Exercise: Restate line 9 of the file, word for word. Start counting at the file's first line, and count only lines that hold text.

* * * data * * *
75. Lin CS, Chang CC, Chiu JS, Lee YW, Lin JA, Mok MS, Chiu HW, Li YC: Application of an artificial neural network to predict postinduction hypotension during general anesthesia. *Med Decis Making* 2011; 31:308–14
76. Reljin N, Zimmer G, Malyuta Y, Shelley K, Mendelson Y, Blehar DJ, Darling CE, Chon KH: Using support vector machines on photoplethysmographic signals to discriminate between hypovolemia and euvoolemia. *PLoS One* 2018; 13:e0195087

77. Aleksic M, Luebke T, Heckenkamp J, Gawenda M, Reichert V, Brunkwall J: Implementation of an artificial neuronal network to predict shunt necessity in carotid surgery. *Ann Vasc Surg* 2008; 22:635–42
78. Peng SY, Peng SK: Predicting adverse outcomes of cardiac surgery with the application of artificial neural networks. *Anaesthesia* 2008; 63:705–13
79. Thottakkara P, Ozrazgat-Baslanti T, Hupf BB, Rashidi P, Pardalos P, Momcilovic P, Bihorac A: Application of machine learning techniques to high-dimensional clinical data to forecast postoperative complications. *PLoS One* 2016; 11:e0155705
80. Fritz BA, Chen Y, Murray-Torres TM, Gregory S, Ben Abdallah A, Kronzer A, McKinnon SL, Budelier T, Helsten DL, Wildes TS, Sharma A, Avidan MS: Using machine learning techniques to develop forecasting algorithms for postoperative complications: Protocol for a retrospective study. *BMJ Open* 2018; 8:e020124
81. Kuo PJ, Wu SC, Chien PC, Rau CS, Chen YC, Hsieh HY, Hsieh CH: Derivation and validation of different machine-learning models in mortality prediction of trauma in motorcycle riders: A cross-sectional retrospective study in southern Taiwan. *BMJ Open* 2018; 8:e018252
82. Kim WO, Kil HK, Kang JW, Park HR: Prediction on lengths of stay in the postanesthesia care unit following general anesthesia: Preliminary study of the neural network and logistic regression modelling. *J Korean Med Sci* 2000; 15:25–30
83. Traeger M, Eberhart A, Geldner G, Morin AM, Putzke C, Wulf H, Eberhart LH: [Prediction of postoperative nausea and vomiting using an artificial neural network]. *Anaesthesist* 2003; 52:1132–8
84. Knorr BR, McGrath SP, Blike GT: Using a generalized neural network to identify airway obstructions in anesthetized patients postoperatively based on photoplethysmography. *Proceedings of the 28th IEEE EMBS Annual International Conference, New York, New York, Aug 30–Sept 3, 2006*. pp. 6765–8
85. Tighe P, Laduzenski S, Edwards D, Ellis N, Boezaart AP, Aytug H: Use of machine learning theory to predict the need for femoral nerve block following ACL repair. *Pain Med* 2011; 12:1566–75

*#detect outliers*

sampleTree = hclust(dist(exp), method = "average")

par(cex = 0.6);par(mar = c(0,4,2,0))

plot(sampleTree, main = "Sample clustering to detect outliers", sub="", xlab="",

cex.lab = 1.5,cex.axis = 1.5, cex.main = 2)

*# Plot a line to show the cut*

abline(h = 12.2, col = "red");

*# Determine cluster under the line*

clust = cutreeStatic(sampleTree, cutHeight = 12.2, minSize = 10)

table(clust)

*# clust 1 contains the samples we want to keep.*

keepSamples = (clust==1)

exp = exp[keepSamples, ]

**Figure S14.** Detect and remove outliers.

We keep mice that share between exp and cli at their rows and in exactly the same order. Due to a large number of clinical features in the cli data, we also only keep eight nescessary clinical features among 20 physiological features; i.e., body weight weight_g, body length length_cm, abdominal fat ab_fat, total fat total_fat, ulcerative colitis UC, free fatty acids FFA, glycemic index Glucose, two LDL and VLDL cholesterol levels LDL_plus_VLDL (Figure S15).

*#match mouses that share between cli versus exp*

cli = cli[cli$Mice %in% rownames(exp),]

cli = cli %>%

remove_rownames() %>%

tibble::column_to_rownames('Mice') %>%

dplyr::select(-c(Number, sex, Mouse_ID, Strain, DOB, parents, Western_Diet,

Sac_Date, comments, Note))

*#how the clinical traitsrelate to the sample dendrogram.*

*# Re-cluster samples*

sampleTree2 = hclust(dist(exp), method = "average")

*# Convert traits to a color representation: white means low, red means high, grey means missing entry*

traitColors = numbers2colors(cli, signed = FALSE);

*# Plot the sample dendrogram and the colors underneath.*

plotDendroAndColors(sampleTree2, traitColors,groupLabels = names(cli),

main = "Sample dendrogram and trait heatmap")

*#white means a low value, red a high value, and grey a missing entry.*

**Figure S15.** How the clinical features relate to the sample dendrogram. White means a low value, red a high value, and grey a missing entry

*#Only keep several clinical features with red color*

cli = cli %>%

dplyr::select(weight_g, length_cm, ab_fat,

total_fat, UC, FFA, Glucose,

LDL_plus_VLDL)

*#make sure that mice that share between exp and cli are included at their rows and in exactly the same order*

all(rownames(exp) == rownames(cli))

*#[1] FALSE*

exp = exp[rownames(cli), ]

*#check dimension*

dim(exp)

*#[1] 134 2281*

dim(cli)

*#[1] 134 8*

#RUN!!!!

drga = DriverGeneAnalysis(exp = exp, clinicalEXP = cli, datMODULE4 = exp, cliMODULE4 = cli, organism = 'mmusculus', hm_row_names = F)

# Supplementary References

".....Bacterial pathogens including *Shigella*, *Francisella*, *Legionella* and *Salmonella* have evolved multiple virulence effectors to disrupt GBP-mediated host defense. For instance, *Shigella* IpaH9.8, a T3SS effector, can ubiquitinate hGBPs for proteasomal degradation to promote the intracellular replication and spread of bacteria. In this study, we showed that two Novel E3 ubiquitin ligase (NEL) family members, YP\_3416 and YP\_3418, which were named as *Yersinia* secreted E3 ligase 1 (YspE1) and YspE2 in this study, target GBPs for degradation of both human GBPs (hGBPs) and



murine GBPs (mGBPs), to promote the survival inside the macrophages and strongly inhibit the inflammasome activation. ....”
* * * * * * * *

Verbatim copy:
83. Traeger M, Eberhart A, Geldner G, Morin AM, Putzke C, Wulf H, Eberhart LH: [Prediction of postoperative nausea and vomiting using an artificial neural network]. *Anaesthesist* 2003; 52:1132–8